In the past, it was generally accepted that once you hit your 60s (or even your 50s in some cases) you were officially over the hill career-wise. But times are changing… a lot.

As a result of low birth rates and increasing life expectancy, not to mention the fact that pensions are getting smaller, the working population in the UK is steadily getting older. And this fact hasn’t escaped many forward-thinking businesses.

A survey of senior European executives carried out by the Economist Intelligence Unit in 2014 found that almost 3 quarters expected the number of their employees aged 60+ to increase by 2020, with 22% expecting it to increase significantly.

The same survey explored attitudes to older workers, and found that the majority of respondents believed older workers are no less productive, have greater skills and aren’t any less motivated than their younger counterparts.

A survey carried out the following year for the Department of Work and Pensions also discovered the vast majority of employers in the UK thought the specific skills of workers aged 50 and older were suitable for their business.

More than 3 quarters of those employers said the experience of workers aged 50 or older was a main benefit of employing them in their organisation, followed by the reliability of workers in this age group and the mentoring older workers provide to new workers. Only 3% thought there were no benefits to having workers aged 50 and older in their workplace.

It’s just as well, since UK businesses are going to need more older workers in the future, as there won’t be enough younger workers in circulation. According to the government, the over-50s make up 27% of the current workforce, and by 2020 it will be a third. A report by the Chartered Institute of Personnel and Development (CIPD) also claims that by 2022 there will be an estimated 13.5 million job vacancies to fill, but only 7 million school and college leavers to fill them.

Lots to offer

Despite the fact that attitudes towards older workers in the UK are changing, they may not be changing fast enough. A report by the Department for Work and Pensions claims that although 88% of employers believe older workers can bring skills and benefits to their business, people aged 50 and older are least likely to be recruited once out of work.

Yet a recent Golden Age Index report by Price Waterhouse Cooper suggests that if the UK employment rate for people aged 55 to 69 were the same as that of Sweden, the country’s GDP would increase by around £100 billion.

So if older workers are still being overlooked, what should employers be made aware of to persuade them to hire more employees over 50?

Why you should be employing the over 50s

Here are a few reasons why employing more people in their 50s, 60s, 70s and even beyond would be good for business:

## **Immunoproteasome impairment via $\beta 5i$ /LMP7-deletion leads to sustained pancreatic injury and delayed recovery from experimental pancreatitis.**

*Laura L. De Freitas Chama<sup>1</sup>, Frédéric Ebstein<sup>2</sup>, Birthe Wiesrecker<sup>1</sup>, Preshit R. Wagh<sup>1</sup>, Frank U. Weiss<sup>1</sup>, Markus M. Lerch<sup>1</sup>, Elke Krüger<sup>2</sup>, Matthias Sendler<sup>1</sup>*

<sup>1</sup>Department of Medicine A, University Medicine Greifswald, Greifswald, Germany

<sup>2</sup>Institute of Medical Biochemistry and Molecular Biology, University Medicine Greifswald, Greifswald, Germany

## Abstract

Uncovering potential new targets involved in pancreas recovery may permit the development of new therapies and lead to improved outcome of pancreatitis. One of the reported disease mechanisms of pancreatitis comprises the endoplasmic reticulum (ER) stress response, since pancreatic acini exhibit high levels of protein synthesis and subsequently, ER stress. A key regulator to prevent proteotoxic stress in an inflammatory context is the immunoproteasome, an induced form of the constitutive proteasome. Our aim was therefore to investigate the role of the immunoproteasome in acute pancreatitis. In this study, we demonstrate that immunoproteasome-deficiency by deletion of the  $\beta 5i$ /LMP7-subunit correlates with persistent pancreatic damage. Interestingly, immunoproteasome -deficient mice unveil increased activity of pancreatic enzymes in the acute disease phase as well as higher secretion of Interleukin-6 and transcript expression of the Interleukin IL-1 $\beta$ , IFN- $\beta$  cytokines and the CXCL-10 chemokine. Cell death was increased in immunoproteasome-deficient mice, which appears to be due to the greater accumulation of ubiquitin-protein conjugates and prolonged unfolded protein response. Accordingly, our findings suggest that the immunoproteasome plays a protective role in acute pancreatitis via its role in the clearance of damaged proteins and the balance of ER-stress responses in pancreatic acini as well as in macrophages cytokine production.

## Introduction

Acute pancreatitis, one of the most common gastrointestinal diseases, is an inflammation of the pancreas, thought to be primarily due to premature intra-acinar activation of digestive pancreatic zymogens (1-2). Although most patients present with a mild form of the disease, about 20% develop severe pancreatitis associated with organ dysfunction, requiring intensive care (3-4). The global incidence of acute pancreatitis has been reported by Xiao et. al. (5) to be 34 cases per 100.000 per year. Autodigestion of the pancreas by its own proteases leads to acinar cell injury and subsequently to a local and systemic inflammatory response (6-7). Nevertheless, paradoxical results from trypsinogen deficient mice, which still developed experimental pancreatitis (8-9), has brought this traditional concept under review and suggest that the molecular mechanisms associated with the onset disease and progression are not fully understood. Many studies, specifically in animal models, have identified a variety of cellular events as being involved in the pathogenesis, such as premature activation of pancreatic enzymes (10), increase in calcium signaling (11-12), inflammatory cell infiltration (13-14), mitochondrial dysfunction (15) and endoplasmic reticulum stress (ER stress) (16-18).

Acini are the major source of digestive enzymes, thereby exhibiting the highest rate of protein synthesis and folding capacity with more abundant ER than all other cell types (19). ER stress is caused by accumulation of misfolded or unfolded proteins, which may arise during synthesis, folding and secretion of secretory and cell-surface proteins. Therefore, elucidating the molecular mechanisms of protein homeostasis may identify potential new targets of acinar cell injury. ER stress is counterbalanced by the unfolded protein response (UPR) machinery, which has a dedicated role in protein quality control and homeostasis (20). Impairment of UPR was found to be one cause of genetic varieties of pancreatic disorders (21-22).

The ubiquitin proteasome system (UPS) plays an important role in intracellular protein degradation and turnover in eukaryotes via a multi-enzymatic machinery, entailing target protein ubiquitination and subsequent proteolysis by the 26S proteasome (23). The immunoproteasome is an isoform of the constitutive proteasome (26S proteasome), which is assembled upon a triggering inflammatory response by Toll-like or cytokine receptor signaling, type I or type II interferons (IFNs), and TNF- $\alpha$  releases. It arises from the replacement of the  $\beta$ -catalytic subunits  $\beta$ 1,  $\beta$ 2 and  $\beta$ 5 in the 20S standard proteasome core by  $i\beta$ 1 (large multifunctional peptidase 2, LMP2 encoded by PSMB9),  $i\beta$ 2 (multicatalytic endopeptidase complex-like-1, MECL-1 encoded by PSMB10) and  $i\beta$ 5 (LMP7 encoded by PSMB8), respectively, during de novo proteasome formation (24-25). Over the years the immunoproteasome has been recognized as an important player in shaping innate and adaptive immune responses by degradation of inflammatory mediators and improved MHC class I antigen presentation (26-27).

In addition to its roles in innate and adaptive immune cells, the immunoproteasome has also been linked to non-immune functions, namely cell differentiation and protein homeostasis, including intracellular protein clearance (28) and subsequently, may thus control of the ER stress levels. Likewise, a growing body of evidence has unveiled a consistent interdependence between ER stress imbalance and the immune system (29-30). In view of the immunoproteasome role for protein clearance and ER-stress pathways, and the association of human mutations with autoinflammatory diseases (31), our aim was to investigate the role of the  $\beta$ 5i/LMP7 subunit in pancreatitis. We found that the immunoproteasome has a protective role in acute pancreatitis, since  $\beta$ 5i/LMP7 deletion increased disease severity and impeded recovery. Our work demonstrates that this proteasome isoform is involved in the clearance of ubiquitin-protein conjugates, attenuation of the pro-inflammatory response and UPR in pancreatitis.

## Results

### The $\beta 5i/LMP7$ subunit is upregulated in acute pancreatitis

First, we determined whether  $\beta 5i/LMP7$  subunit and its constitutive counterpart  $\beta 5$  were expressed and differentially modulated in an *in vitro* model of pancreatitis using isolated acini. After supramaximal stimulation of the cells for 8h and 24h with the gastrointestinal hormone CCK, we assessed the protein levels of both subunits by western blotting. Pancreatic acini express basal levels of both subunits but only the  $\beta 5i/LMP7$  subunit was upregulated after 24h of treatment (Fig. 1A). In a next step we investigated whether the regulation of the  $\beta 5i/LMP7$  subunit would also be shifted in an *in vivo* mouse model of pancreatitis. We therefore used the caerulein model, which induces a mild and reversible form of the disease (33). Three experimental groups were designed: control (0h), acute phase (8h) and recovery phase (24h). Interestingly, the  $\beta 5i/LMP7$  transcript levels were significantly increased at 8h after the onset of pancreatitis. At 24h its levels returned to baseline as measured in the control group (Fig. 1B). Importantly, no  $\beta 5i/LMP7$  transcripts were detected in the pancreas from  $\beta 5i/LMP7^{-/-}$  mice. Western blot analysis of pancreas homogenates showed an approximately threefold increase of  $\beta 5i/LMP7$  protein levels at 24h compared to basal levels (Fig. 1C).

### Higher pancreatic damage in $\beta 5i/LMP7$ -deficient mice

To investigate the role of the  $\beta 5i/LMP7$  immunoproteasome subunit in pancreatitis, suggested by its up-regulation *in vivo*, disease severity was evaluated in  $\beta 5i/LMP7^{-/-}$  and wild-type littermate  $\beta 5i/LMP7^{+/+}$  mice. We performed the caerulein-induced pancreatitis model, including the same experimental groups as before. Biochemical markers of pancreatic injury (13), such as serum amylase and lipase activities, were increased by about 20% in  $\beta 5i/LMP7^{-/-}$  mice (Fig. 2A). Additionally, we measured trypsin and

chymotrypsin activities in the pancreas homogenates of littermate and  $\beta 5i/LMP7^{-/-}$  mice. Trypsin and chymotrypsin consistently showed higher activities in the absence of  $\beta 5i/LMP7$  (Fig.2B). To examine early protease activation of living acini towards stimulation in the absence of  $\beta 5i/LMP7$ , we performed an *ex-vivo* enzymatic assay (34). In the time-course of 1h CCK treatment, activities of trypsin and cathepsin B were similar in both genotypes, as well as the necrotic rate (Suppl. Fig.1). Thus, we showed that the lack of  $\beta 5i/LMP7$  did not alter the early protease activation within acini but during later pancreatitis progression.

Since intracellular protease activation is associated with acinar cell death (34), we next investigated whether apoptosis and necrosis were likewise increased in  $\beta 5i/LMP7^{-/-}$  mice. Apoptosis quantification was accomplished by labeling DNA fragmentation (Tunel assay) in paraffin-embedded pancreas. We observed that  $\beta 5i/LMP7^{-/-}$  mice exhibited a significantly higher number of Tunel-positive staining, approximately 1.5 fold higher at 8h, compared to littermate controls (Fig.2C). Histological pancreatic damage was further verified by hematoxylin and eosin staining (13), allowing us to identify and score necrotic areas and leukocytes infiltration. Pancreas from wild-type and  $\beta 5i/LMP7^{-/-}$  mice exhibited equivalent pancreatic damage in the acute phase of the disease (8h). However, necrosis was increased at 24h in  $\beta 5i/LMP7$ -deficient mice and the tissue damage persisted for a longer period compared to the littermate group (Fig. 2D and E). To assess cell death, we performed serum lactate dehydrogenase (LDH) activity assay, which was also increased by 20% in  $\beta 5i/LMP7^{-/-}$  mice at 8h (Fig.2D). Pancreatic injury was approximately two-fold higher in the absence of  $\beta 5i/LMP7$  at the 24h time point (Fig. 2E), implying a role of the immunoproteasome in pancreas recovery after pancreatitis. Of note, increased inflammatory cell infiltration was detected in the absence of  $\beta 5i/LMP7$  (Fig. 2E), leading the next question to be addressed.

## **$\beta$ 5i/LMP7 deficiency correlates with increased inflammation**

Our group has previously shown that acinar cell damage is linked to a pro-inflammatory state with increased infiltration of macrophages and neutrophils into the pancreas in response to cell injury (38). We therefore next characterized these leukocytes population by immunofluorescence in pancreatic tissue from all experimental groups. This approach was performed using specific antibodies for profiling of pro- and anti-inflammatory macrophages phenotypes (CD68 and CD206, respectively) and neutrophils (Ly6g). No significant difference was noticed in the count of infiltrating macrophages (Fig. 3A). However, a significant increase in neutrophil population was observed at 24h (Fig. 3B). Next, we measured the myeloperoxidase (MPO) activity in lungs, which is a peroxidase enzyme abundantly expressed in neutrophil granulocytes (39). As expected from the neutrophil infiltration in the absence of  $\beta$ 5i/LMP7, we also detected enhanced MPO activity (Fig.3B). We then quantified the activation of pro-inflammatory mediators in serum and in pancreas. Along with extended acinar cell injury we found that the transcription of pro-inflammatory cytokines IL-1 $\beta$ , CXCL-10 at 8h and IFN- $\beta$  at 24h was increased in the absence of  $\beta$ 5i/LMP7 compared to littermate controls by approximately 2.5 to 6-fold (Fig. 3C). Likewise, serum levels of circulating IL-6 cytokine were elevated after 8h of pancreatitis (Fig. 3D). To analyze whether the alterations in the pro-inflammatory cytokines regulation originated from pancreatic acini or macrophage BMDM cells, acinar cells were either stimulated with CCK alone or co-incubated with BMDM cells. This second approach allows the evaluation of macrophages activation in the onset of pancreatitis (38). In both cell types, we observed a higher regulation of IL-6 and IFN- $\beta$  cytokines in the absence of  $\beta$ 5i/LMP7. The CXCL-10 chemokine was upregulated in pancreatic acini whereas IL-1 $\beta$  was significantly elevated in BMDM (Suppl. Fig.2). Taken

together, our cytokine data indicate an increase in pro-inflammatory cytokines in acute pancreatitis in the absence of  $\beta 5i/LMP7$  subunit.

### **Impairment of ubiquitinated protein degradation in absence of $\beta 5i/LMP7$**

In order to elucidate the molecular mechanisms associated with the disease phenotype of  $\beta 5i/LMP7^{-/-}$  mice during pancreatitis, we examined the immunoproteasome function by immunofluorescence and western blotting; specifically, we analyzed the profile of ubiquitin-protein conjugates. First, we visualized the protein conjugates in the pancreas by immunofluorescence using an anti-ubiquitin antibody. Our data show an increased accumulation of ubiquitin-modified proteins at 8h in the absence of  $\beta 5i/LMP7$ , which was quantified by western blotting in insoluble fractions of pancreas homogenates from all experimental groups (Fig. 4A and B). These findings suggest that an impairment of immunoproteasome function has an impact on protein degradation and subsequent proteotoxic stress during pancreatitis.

• Older workers have a broad range of strengths and skills plus a wealth of knowledge, experience and valuable business contacts – all of which can be transferred to younger workers
  • Older workers are more likely to stick around (according to a Nationwide Building Society report, annual turnover is 4% for older employees compared with 10% for younger staff)
  • Another Nationwide survey suggests older workers are less likely to take time off sick than younger employees, despite being more likely to have a chronic health condition (45% of workers aged 55 and older hadn’t taken any sick leave in the previous 12 months compared with 36% of 18-24-year-olds)
  • According to a study by the Equality and Human Rights Commission, most people in their 50s say they feel as strong physically and mentally at work as they were in their 20s and 30s
  • Older workers are less likely to stay off work for any reason, suggests a report by B&Q, which claims absenteeism is 39% lower in older workers than in younger staff
  • Employing older workers could save businesses significant amounts of cash in recruitment and training costs too, says a survey by the National Institute of Adult Continuing Education and the Centre for Research into the Older Workforce
  • Older workers will also be more able to relate to clients and customers effectively in the very near future, given that the population as a whole is ageing too
  • Many people aged 50 and older are also actively learning new skills. Research by the Equality and Human Rights Commission shows 21% of over-50s have trained to improve their job prospects, and 44% of 56-59-year-olds and 33% of 60-64-year-olds have taken part in training during the past 3 years

The fact that most people are living longer and in better health, combined with changes to the state pension age, means many people will be able to, or may have to work later in life.

If you need help, advice or support with any aspect of your career, we have a range of career development services on offer, from career coaching to back-to-the-workplace events. We also offer legal advice, including online information about your employment rights… whatever your age.

How CABA can help

CABA supports the wellbeing of past and present ICAEW members, ACA students, ICAEW staff members, and their spouses, partners and children up to the age of 25. For advice, information and support please: